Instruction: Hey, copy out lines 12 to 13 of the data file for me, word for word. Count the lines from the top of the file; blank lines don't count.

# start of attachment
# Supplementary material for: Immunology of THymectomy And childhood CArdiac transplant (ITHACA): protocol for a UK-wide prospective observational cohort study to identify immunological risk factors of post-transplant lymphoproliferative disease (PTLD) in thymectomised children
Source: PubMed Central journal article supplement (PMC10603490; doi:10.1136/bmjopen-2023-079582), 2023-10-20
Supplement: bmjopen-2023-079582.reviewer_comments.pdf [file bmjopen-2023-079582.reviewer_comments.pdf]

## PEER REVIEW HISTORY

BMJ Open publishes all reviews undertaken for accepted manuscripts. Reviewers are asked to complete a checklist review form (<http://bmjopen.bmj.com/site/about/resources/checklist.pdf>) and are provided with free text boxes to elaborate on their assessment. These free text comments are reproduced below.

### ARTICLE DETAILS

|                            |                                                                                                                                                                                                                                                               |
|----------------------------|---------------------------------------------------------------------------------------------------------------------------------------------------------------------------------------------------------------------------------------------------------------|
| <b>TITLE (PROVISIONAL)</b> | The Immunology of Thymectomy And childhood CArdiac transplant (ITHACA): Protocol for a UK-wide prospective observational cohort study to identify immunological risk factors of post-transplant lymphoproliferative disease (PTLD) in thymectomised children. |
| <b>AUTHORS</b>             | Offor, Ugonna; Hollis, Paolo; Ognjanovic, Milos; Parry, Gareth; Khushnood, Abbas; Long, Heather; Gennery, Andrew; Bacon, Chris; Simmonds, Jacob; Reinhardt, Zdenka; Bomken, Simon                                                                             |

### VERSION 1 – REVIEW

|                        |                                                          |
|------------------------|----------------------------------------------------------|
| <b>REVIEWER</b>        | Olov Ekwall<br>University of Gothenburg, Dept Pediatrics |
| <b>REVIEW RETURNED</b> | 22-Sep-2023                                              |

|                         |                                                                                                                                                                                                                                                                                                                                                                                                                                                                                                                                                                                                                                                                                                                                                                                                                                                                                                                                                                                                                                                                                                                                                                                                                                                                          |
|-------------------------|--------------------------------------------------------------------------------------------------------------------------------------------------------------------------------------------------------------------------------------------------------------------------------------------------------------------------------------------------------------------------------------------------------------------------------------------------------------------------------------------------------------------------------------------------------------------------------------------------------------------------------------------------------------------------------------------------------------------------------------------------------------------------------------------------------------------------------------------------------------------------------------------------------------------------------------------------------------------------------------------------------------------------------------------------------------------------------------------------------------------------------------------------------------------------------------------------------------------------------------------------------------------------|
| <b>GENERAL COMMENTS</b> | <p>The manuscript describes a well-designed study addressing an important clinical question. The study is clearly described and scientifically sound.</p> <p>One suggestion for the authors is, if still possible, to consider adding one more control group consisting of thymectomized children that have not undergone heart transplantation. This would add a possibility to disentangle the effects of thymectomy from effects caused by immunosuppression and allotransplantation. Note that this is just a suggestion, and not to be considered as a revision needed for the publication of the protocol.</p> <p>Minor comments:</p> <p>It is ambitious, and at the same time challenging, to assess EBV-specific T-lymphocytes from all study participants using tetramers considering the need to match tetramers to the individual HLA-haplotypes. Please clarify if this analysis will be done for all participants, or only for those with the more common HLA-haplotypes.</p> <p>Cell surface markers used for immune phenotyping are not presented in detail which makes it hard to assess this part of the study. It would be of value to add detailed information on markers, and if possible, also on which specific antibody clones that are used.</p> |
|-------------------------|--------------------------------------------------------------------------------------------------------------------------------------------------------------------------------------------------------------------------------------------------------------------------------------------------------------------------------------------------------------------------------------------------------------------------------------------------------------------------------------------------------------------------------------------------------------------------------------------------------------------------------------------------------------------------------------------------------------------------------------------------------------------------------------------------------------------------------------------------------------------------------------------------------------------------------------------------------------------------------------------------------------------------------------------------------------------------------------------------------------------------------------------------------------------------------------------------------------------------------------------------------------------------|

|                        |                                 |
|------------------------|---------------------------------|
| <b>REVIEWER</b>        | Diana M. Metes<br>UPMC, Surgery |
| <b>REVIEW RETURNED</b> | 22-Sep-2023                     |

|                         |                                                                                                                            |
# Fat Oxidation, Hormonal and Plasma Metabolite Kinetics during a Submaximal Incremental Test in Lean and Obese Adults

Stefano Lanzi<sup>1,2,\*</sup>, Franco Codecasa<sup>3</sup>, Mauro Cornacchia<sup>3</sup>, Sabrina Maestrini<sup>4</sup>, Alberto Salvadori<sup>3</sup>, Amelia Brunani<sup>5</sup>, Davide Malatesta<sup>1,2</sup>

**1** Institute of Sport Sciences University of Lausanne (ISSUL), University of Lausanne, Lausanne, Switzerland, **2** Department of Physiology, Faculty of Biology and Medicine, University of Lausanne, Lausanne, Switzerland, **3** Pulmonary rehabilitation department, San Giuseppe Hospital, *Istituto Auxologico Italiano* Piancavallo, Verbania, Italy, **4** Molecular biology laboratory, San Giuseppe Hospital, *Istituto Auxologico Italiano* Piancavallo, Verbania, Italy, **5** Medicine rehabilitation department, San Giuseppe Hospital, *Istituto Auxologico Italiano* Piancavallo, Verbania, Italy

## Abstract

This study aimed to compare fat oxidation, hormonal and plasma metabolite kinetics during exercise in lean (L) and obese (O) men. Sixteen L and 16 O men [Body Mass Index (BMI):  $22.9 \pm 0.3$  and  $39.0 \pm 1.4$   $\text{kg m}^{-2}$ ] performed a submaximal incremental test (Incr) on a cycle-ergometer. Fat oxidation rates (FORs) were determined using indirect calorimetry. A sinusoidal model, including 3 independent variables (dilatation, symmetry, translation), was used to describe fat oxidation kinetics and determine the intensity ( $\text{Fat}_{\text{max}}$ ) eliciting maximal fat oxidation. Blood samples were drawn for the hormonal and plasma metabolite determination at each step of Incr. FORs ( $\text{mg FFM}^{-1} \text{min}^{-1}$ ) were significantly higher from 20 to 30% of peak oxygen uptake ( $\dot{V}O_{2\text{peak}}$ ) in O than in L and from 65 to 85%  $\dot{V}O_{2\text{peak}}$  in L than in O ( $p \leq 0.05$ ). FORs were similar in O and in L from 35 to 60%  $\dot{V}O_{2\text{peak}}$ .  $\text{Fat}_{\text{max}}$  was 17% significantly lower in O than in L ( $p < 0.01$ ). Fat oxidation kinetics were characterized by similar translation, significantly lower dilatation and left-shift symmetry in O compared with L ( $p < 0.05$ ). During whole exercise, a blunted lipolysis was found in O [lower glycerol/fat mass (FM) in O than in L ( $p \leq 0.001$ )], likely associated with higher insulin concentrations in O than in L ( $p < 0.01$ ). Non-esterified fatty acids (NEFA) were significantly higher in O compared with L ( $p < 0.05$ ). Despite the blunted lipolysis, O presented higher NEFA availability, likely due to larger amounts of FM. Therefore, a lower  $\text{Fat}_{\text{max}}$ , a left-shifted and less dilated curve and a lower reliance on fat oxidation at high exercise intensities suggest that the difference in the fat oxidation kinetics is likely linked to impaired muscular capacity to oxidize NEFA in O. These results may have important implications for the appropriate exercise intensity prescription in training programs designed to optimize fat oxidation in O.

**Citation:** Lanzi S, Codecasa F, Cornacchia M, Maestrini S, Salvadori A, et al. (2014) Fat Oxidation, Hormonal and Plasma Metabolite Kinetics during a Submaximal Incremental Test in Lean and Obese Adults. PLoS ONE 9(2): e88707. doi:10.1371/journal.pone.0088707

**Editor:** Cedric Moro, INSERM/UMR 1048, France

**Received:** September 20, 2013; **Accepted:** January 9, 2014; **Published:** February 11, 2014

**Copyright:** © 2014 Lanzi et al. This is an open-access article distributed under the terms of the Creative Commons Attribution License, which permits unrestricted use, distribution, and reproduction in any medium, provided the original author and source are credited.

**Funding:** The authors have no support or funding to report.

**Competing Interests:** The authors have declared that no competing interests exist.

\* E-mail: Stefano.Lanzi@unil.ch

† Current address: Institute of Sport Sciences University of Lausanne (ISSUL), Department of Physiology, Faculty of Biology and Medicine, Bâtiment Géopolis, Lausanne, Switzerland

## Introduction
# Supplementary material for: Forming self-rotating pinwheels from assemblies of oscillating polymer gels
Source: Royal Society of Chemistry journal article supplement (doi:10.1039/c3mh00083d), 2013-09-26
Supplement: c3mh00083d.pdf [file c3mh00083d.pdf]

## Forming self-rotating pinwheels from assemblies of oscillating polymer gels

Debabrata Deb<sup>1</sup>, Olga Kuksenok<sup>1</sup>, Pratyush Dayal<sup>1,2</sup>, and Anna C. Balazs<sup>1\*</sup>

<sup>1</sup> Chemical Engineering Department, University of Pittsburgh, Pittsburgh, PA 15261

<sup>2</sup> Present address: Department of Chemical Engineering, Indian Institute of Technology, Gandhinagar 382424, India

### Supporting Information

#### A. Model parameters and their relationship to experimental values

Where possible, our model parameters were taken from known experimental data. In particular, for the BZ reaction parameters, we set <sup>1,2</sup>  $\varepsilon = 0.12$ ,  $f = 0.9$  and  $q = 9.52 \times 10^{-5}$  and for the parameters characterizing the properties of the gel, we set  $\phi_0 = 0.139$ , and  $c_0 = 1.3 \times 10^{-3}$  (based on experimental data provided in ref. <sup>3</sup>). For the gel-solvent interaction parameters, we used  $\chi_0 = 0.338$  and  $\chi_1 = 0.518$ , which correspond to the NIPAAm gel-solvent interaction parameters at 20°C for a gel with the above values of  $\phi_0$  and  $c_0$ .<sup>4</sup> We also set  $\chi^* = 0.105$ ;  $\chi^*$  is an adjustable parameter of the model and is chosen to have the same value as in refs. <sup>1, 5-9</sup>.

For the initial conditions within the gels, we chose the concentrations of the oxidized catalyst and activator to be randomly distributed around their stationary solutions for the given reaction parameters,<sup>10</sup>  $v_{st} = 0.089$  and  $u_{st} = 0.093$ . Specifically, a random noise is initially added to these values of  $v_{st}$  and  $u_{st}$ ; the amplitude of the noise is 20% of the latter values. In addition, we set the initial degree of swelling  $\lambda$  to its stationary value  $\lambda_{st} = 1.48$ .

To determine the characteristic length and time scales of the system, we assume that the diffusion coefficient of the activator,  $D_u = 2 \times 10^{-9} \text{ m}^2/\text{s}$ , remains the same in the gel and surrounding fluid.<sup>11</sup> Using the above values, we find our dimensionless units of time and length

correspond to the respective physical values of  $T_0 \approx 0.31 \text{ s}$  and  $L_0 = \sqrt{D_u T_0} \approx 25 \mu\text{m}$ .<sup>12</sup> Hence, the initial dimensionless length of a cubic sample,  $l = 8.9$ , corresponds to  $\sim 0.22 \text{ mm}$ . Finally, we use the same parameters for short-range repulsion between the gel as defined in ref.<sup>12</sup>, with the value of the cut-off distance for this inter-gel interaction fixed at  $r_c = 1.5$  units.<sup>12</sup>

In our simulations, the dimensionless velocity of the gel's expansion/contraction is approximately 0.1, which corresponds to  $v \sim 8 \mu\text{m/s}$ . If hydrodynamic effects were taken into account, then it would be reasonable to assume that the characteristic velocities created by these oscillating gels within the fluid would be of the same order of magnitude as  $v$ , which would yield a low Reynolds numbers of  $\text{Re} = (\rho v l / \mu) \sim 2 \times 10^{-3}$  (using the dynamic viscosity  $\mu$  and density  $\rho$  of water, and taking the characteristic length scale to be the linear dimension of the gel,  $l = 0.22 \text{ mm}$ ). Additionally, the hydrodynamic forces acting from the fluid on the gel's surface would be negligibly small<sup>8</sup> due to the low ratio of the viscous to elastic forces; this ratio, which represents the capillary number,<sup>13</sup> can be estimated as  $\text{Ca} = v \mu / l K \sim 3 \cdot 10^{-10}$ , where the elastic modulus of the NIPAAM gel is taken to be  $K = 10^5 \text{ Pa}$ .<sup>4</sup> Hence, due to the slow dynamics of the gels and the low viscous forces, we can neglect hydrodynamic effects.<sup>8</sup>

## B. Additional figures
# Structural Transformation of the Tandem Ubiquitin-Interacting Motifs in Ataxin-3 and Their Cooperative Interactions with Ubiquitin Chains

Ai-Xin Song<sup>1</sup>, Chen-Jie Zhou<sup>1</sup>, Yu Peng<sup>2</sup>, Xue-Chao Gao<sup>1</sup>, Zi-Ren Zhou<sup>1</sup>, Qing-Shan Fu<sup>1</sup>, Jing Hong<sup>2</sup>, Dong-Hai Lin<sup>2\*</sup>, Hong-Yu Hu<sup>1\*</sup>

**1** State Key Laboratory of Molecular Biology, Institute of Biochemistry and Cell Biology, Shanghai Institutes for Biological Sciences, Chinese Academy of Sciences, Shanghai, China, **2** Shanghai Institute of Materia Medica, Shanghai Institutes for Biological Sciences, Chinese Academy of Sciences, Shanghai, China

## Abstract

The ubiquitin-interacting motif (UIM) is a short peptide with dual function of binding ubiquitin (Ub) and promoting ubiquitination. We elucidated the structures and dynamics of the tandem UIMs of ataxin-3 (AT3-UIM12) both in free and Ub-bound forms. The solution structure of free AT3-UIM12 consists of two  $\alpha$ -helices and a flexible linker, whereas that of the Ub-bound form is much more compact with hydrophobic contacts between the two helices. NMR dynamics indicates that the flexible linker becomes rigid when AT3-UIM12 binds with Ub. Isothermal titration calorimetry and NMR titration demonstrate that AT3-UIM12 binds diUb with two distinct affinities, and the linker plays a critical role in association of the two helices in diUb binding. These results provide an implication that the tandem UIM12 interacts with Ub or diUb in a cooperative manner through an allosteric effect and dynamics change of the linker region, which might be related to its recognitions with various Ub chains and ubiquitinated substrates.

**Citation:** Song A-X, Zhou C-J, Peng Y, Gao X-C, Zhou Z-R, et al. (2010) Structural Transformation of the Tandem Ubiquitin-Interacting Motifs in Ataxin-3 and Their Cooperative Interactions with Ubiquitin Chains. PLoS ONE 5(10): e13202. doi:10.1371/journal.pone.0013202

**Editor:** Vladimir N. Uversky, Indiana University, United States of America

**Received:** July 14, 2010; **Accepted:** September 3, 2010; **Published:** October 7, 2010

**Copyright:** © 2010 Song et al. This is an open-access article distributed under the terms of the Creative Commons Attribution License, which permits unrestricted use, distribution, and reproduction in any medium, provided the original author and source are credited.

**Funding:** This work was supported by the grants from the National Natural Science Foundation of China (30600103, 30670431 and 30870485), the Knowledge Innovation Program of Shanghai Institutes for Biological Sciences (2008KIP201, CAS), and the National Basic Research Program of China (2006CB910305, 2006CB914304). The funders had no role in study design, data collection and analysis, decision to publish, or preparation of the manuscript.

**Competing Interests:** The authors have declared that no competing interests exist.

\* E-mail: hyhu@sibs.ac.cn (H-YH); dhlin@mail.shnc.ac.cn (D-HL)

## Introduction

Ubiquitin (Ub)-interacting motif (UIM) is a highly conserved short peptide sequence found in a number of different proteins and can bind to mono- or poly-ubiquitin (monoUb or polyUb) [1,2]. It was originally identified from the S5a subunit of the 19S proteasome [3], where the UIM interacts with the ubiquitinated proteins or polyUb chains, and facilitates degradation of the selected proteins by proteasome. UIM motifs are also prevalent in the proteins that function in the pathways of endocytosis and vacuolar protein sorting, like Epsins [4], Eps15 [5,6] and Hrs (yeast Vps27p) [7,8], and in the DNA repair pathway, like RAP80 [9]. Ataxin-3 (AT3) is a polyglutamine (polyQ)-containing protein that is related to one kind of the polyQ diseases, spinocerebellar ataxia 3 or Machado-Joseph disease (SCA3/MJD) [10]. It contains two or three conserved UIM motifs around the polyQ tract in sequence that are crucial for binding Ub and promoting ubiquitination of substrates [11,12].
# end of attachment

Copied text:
|                        |                                                          |
|------------------------|----------------------------------------------------------|